Performance benchmark summary - write

Figure 18: Performance benchmark summary – write

Figure 19 shows the average read performance for the same test configurations which came in higher at 33.5, 35.3 and 30.8 MB/s for RAID 0, 5 and 10, respectively.

Performance benchmark summary - write

Figure 19: Performance benchmark summary – read

Vista SP1 filecopy results measured 27.2, 20.2 and 23.9 MB/s for RAID 0, 5 and 10 writes and 47.5, 50.4 and 39.4 MB/s for reads.

For the competitive comparison, I took chose the Buffalo TeraStation III, another recently-released four-drive business focused NAS and Thecus’ three-drive N3200 Pro, a new three-drive product. Figure 20 shows that the RAID 5 write performance converges toward the low 20 MB/s range for all three products, once file size gets out beyond NAS RAM size. Note that each product uses a different processor, the Buffalo a Marvell MV78100-A0 C080 and the Thecus an AMD LX800. The Buffalo has 512 MB of memory and the other two have 256 MB.

Competitive write comparison - RAID 5, 1000 Mbps LAN

Figure 20: Competitive write comparison – RAID 5, 1000 Mbps LAN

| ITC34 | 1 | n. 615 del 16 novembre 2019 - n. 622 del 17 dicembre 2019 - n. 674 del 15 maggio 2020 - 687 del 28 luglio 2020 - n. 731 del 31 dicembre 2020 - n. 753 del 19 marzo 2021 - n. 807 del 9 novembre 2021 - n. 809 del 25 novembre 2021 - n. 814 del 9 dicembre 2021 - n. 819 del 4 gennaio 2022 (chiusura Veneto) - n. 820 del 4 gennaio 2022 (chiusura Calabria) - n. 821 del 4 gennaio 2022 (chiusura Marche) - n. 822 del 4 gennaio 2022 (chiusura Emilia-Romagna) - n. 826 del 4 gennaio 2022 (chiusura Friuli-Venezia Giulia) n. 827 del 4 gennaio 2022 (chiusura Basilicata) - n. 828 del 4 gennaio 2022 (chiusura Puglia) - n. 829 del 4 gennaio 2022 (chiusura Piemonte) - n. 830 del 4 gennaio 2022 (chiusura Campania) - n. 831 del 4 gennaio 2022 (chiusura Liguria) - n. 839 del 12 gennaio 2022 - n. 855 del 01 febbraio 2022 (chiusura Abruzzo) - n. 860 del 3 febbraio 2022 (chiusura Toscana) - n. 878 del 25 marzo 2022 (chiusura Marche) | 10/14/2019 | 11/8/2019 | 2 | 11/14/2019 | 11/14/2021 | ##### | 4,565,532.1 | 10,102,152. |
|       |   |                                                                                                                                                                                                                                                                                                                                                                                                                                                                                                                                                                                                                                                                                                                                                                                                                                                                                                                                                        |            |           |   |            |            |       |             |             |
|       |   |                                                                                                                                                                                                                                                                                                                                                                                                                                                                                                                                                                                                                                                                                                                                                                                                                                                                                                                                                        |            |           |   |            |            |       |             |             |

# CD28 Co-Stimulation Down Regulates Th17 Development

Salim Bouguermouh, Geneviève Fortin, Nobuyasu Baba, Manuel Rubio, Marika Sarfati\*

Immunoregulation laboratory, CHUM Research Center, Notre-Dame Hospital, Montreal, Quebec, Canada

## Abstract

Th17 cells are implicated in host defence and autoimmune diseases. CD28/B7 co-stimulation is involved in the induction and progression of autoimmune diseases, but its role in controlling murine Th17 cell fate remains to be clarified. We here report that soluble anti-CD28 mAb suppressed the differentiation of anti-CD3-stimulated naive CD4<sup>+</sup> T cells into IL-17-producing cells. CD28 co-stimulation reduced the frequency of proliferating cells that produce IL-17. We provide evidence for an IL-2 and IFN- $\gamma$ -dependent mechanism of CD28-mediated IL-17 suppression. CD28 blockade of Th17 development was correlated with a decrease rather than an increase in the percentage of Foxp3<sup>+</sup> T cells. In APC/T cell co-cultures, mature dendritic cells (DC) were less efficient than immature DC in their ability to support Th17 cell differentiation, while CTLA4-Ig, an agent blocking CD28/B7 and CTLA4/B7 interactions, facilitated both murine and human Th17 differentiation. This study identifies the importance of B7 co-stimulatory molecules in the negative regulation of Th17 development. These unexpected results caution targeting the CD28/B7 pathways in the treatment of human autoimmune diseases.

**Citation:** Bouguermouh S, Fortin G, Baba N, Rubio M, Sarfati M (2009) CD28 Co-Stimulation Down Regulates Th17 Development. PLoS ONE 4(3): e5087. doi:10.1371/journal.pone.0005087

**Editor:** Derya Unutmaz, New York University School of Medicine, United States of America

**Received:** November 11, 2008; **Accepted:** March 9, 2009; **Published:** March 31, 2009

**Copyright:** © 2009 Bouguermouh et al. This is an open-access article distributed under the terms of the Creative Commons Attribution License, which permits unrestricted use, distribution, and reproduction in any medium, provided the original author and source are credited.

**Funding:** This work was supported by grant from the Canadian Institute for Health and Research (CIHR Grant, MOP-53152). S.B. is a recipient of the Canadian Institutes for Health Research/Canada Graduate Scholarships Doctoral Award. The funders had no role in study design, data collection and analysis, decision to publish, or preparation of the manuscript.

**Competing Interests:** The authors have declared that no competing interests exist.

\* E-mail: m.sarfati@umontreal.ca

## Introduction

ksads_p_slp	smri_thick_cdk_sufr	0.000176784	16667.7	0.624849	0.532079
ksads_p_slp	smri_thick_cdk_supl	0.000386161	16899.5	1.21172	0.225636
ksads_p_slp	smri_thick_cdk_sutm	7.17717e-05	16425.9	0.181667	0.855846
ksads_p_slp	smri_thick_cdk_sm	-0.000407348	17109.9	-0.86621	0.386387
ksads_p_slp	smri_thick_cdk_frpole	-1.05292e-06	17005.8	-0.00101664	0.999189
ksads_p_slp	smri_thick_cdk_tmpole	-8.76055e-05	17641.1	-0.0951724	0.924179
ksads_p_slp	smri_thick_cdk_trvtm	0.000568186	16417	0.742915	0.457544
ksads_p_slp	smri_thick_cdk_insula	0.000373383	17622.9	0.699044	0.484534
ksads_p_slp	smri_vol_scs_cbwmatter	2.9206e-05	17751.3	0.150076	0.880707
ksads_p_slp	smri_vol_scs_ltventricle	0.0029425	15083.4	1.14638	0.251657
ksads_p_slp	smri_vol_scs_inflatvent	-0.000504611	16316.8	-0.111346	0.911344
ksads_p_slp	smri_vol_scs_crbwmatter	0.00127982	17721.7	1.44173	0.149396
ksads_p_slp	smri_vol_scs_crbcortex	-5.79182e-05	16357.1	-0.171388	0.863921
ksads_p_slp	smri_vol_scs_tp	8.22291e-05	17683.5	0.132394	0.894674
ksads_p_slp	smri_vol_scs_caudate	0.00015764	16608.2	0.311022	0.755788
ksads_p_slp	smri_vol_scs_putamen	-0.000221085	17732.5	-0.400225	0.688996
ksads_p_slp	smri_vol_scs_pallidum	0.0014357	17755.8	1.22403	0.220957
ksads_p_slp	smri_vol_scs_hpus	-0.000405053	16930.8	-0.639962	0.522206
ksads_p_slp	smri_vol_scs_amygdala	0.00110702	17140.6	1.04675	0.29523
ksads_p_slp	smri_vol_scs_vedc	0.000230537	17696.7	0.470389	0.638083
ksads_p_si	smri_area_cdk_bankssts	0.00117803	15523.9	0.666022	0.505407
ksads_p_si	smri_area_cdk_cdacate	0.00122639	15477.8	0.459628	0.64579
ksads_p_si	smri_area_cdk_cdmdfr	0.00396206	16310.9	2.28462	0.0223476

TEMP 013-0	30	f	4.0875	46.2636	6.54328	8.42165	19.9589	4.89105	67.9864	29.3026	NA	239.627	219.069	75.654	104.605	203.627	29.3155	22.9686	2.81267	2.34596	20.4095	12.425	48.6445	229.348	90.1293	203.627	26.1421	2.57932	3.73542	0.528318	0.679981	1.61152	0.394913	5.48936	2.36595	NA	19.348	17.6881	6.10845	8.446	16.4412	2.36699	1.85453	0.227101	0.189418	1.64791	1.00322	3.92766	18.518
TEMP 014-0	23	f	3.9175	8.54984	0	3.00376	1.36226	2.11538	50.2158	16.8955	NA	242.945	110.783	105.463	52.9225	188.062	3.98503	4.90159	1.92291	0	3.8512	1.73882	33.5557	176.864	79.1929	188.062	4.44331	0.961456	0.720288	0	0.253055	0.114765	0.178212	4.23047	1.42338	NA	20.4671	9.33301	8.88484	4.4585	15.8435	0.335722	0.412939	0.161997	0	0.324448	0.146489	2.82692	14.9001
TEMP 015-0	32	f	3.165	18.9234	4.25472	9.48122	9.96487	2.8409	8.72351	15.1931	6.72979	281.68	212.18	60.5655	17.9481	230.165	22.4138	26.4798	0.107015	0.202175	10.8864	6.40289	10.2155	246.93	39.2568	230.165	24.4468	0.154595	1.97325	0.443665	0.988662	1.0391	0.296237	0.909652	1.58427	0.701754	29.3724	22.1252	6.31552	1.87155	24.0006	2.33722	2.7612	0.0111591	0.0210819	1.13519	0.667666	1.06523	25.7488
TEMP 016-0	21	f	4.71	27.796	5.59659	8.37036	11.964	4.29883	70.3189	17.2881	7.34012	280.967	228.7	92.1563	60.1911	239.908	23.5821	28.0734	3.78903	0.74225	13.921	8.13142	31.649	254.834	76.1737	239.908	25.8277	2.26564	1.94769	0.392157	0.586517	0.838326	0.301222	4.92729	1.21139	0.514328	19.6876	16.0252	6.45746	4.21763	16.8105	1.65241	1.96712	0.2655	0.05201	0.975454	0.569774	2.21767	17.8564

Figure 21 compares the RAID 5 read performance, which shows a wider range. The BA 440 is the most consistent, settling in around 33 MB/s at the larger file sizes. The Buffalo and Thecus read speeds rise until file sizes equal their RAM sizes, then fall back into the 40 to 40 MB/s range. At any rate, both the Thecus and Buffalo have higher RAID 5 read speed.

Competitive read comparison - RAID 5, 1000 Mbps LAN

Figure 21: Competitive read comparison – RAID 5, 1000 Mbps LAN

Use the NAS Charts to further explore performance.

Closing Thoughts

For a diskful four-drive NAS, the closest competition to the BlackArmor NAS440 is probably Buffalo’s new TeraStation III. We reviewed the 2 TB model (4 X 500 GB), but a more direct price comparison would be the 4 TB model. Seagate is slow getting the BA into distribution and keeping it there, but Amazon recently had it for $1140. The 4 TB TeraStation III is more widely available, but it’s around $300 more expensive.